Critical CIO skills in the post covid world – TBH, there is hardly any context needed for this topic. The criticality of a CIO’s role in the organization is undeniable and undisguised. Interestingly and rightfully so, this role that was up for a debate for its viability has gained immense traction and popularity in businesses in the last few months.
Enough has been talked about the systemic and systematic impact of covid19 on the economy and businesses. And the aspects that have come out distinctively and significantly are – ‘Technology’ and ‘Information’. This brings CIOs in the spotlight.
In a recent rendezvous with the shareholders, Nandan Nilekani said “…Whether it’s the uptick in online demand, mastery over digital demand fulfilment or tackling the threat of cyberattacks, technology has become an urgent and critical business capability.”
CIO being the lynchpin for leading technology and facilitating information is a conversational hotspot these days. They are responsible for making quintessential shifts in the organizations to accelerate digital transformation towards maintaining business continuity and ensuring growth in the post covid ecosystem.
While the role of CIOs has been discussed to death, we dug into the skills that they need to carry out their roles in this hyper-competitive space, where survival is as critical as the need to grow.
This also means that CIOs need to operate with 2-pronged objectives – a) create a robust system to make sure that the systemic disruptions do not meddle with the fabric of organizational culture b) develop strategies and capabilities that enable future success.
We pinned down 3 critical skills that are a must have for a modern-day, post pandemic CIO to be successful in their role.
1. Design Thinking
Businesses have experienced extreme burns led by the pandemic. There is very little scope of failure for leaders right now. While innovation is the need for survival, blind experimentation can backfire pretty hard.
Design thinking skill refers to the ability of a CIO to empathise with the user, look at a problem from end-user perspective – the outside-in approach, understand how the user perceives the problem and how they interact with the solution – not how businesses think they interact with the solution, big difference! And be able to make necessary iterations in phases that incrementally lead to creating unique and useful solutions.
A simple example would be investing into solutions that cost a bomb to the company with little understanding of how end-users would interact with it, or how well would that solution fit in the organizational ecosystem. Imagine creating a digital HR platform which is more difficult to operate for your HR team than following the traditional process of accessing information!
2. Scenario based Planning/Scenario Thinking
Scenario based planning – simply put as ‘rehearsing for the future’. Sounds ironic given the scenario we are currently operating in that no one could anticipate. But that is also what makes it crucial to explore the world of future possibilities and strategize the best course of action for each of them.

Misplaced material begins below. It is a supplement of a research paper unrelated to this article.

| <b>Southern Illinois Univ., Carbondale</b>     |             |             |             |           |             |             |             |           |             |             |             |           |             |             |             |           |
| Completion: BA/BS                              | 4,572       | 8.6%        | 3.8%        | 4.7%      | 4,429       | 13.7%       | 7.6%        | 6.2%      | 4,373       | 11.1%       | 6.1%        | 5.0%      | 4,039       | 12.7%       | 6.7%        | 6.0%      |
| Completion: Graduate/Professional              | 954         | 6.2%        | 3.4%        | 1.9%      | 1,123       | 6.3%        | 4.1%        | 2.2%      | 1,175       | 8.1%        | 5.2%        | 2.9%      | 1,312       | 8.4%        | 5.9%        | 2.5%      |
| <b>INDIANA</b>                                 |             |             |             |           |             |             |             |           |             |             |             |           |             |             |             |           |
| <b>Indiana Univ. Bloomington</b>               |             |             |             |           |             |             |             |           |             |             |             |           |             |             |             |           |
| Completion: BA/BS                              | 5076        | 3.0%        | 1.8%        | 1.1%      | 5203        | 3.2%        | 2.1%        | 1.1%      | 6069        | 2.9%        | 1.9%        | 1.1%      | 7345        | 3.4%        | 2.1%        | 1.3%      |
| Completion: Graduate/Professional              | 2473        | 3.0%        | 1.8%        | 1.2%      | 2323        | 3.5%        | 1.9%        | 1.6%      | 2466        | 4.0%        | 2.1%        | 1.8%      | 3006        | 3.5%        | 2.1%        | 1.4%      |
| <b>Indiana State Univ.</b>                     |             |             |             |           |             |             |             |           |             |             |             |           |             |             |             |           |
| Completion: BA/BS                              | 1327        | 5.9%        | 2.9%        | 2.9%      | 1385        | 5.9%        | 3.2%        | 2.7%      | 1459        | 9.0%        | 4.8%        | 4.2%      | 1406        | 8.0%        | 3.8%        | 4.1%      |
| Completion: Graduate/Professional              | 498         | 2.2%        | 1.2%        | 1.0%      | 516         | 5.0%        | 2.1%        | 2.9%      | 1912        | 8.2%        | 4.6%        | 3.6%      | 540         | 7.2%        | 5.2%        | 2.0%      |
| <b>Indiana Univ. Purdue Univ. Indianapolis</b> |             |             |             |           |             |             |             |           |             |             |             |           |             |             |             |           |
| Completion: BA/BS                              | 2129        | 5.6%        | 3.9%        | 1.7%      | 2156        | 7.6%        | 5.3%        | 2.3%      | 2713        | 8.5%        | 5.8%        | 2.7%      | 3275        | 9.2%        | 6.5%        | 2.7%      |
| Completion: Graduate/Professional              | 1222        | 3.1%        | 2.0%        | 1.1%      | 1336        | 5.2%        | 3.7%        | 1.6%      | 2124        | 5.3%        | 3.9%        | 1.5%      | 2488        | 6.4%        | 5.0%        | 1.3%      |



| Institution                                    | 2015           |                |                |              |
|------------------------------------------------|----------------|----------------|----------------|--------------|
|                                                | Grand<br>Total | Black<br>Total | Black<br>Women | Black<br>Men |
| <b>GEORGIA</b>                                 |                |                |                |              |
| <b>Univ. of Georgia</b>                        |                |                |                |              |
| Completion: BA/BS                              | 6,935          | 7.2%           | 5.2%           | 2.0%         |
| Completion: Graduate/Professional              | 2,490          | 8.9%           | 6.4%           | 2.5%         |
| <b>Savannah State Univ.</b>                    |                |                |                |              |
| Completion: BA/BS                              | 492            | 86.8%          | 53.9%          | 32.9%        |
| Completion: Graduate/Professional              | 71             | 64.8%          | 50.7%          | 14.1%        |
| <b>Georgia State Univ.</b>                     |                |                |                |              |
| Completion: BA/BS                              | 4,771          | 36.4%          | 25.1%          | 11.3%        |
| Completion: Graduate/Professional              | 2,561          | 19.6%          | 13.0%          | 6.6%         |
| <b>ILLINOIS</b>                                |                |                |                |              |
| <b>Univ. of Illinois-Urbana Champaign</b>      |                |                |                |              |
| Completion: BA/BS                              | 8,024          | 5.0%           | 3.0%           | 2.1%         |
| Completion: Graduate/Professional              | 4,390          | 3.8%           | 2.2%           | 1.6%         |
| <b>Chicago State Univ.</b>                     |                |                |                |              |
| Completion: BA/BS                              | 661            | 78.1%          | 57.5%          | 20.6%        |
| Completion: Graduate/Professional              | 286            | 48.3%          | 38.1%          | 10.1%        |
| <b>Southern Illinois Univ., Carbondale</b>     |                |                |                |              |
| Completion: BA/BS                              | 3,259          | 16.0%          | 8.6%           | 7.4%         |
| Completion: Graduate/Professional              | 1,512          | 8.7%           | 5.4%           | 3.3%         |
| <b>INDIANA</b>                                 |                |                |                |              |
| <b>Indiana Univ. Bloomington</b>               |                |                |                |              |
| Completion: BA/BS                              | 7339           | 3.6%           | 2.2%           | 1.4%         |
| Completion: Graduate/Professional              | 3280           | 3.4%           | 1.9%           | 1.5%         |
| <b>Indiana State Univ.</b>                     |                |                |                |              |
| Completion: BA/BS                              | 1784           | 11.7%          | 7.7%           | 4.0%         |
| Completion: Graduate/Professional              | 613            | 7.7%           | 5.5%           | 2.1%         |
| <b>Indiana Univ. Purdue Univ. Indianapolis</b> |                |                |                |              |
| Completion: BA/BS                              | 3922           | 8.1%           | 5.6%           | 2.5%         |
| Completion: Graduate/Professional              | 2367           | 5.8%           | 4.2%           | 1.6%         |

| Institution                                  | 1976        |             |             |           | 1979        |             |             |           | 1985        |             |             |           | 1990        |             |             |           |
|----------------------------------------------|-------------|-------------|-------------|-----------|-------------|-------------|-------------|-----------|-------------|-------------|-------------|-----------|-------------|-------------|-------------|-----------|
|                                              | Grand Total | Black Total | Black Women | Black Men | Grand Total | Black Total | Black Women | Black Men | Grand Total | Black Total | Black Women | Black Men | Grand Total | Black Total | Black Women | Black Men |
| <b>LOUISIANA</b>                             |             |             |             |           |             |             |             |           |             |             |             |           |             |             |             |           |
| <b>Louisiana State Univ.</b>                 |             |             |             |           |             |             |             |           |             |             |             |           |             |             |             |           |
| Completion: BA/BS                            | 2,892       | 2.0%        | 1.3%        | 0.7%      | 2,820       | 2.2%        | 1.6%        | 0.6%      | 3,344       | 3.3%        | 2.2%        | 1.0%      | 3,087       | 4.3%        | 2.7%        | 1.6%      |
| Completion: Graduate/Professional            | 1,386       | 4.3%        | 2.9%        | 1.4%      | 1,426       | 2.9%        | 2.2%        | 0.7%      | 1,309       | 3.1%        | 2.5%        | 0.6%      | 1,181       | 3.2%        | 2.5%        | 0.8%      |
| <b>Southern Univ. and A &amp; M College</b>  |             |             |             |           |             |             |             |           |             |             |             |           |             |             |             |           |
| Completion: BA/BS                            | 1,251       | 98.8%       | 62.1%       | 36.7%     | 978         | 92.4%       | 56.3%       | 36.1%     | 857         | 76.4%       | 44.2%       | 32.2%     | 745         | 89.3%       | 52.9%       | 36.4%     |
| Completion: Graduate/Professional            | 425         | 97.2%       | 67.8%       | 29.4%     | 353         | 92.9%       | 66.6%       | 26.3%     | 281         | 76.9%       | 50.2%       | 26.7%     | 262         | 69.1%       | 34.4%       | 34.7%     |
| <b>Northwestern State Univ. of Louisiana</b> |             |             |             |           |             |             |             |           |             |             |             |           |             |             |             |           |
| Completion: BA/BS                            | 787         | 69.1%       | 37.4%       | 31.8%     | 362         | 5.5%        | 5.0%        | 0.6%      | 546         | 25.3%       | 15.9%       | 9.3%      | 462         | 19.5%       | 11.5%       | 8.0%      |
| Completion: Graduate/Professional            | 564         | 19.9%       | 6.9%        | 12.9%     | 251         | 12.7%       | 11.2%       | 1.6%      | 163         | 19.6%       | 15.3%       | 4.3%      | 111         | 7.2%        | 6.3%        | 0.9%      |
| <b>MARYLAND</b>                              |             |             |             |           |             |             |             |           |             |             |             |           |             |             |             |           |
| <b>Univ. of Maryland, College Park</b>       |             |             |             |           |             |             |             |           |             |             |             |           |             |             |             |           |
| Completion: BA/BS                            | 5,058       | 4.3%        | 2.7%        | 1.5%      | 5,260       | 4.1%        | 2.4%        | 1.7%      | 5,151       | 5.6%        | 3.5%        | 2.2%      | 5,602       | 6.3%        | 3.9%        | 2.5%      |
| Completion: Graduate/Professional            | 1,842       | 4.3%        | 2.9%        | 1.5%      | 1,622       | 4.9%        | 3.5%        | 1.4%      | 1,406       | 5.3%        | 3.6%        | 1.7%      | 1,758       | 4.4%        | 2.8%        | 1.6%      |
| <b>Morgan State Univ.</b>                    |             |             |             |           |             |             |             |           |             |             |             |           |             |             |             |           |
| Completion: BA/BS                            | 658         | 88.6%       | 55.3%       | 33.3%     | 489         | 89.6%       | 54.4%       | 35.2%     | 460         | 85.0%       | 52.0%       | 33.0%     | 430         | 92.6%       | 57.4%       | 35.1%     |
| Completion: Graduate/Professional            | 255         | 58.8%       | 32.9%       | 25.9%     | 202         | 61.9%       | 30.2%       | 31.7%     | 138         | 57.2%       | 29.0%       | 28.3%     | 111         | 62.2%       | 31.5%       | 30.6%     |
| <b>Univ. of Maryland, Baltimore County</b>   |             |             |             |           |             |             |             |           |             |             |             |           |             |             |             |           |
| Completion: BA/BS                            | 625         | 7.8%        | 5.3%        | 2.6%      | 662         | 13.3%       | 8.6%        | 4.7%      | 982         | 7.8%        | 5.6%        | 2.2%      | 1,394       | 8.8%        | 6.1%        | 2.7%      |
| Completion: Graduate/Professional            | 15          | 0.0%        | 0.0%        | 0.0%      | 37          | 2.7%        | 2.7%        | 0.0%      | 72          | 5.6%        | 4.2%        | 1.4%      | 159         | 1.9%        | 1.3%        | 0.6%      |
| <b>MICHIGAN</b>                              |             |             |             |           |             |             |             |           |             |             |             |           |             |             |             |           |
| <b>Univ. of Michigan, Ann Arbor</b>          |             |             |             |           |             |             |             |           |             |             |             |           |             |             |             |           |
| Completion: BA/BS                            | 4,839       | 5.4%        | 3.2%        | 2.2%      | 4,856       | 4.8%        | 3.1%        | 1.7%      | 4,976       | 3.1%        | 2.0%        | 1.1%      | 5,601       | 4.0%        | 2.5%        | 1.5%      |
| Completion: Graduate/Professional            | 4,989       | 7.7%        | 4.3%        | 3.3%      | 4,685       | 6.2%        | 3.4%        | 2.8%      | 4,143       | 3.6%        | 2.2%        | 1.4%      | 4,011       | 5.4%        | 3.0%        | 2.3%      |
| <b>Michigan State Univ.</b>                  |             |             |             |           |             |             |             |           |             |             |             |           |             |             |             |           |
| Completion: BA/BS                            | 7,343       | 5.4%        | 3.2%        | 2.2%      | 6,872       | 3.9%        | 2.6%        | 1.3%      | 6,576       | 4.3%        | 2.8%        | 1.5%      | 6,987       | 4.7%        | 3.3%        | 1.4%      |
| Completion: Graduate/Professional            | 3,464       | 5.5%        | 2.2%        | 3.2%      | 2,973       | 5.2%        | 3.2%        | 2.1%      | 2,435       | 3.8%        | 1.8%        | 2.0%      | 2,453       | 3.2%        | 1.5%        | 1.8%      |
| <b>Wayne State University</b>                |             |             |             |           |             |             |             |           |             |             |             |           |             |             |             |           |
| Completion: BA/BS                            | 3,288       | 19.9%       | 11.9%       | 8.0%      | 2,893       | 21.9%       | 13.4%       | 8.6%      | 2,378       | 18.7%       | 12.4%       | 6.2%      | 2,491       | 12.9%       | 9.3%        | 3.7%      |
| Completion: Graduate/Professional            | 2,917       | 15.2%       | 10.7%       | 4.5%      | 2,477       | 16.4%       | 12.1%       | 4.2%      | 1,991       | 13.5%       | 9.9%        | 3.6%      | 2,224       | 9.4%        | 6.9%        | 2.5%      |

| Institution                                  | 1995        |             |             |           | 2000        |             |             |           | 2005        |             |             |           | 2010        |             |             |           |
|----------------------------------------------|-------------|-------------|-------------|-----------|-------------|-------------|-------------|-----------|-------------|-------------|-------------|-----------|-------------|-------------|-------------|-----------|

It’s easy for a leader to fall into the trap of responsive decision making in the face of a disruptive event, thinking about the short-term gains, especially when there is so much turmoil around them. The long term ‘what-ifs’ take a back seat in such rapidly changing environments. But that’s where this skill differentiates progressive leaders from the rest.
The approach triggers creative thinking for these leaders responsible for digital transformation in organizations.
“Scenario-based planning is a core skill for digital transformation leaders: we talk about use cases all the time. Clearly defining critical data and triggers for decision making are an inherent part of governance that leverages stage gates as a key decision framework.” – IDC
Every organization is potentially thinking of new investments needed in the digitization space to thrive in the post pandemic era. It falls on the shoulders of a CIO to be able to navigate through possible future scenarios based on many assumptions and align strategic actions to each of the scenarios.
Imagine integrating a B.I tool in one of the functions in your organization and not be able to control or deal with the outcomes. Scenario thinking approach enables companies to react in the most effective way as conditions change.
3. Network Thinking
This one is probably one of the most critical capabilities of a modern-day CIO. For a very long time, the function and focus of a CIO has been very limited in scope. But that thinking has changed 360 degrees in today’s context. Be it employee engagement, product strategy, or trade initiatives planning, organizations are seeking massive digital transformations and a CIOs role is pivotal in making these transformations possible and actionable.
The CIO of the future must be able to work and think in networks. How would the investment or technology implementation in one area impact the other functions? How will a decision impact people, processes and systems independently and as a whole?
“Hybrid work is here to stay, requiring organizations and their people to find new ways to come together, collaborate and deliver seamlessly.” – Nandan Nilekani
When we refer to the new ways of working, we emphasize on the role of a CIO to build capabilities – people and technology, that make access to people and access to information simple and effective.
The ‘C’ in the CIO stands for ‘Courage’. They are responsible for deconstructing old models and processes and creating most innovative solutions while optimizing IT budgets, supporting business recovery. The pressure to prioritise, transform and grow is immense. CIOs have the responsibility to build a customer-centric and data-driven business environment that puts them at the forefront of the sustainable business transformation.